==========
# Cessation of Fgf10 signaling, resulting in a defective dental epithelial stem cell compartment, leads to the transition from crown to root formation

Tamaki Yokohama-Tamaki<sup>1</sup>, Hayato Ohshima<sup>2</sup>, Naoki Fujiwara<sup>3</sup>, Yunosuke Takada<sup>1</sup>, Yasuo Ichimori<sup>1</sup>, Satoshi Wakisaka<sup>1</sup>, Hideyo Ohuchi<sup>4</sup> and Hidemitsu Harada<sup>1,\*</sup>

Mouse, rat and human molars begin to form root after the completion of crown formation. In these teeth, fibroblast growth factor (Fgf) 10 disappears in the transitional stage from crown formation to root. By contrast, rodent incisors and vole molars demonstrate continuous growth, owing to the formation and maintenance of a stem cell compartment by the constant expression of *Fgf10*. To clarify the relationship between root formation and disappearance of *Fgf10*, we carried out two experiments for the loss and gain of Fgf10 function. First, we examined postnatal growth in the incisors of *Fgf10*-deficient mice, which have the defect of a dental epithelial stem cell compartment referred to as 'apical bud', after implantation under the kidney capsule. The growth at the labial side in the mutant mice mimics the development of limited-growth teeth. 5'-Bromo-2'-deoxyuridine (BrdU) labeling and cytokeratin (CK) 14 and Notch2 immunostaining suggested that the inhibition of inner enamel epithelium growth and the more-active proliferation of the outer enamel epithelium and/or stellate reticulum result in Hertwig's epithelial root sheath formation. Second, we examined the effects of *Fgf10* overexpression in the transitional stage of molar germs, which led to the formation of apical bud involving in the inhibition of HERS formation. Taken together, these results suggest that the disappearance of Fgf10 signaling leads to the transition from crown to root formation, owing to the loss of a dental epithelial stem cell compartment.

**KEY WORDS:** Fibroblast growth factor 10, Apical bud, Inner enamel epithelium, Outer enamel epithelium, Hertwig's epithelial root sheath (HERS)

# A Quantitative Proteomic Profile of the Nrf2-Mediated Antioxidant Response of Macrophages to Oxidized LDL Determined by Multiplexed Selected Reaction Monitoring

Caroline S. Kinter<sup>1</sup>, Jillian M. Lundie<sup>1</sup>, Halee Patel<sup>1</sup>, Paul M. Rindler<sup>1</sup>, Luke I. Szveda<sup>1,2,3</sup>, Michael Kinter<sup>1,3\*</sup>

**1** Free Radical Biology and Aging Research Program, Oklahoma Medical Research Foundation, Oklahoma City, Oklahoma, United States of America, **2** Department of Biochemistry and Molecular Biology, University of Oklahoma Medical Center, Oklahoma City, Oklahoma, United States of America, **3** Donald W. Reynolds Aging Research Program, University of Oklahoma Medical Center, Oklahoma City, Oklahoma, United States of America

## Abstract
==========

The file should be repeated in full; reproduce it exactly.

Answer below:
# Cessation of Fgf10 signaling, resulting in a defective dental epithelial stem cell compartment, leads to the transition from crown to root formation

Tamaki Yokohama-Tamaki<sup>1</sup>, Hayato Ohshima<sup>2</sup>, Naoki Fujiwara<sup>3</sup>, Yunosuke Takada<sup>1</sup>, Yasuo Ichimori<sup>1</sup>, Satoshi Wakisaka<sup>1</sup>, Hideyo Ohuchi<sup>4</sup> and Hidemitsu Harada<sup>1,\*</sup>

Mouse, rat and human molars begin to form root after the completion of crown formation. In these teeth, fibroblast growth factor (Fgf) 10 disappears in the transitional stage from crown formation to root. By contrast, rodent incisors and vole molars demonstrate continuous growth, owing to the formation and maintenance of a stem cell compartment by the constant expression of *Fgf10*. To clarify the relationship between root formation and disappearance of *Fgf10*, we carried out two experiments for the loss and gain of Fgf10 function. First, we examined postnatal growth in the incisors of *Fgf10*-deficient mice, which have the defect of a dental epithelial stem cell compartment referred to as 'apical bud', after implantation under the kidney capsule. The growth at the labial side in the mutant mice mimics the development of limited-growth teeth. 5'-Bromo-2'-deoxyuridine (BrdU) labeling and cytokeratin (CK) 14 and Notch2 immunostaining suggested that the inhibition of inner enamel epithelium growth and the more-active proliferation of the outer enamel epithelium and/or stellate reticulum result in Hertwig's epithelial root sheath formation. Second, we examined the effects of *Fgf10* overexpression in the transitional stage of molar germs, which led to the formation of apical bud involving in the inhibition of HERS formation. Taken together, these results suggest that the disappearance of Fgf10 signaling leads to the transition from crown to root formation, owing to the loss of a dental epithelial stem cell compartment.

**KEY WORDS:** Fibroblast growth factor 10, Apical bud, Inner enamel epithelium, Outer enamel epithelium, Hertwig's epithelial root sheath (HERS)

# A Quantitative Proteomic Profile of the Nrf2-Mediated Antioxidant Response of Macrophages to Oxidized LDL Determined by Multiplexed Selected Reaction Monitoring

Caroline S. Kinter<sup>1</sup>, Jillian M. Lundie<sup>1</sup>, Halee Patel<sup>1</sup>, Paul M. Rindler<sup>1</sup>, Luke I. Szveda<sup>1,2,3</sup>, Michael Kinter<sup>1,3\*</sup>

**1** Free Radical Biology and Aging Research Program, Oklahoma Medical Research Foundation, Oklahoma City, Oklahoma, United States of America, **2** Department of Biochemistry and Molecular Biology, University of Oklahoma Medical Center, Oklahoma City, Oklahoma, United States of America, **3** Donald W. Reynolds Aging Research Program, University of Oklahoma Medical Center, Oklahoma City, Oklahoma, United States of America

## Abstract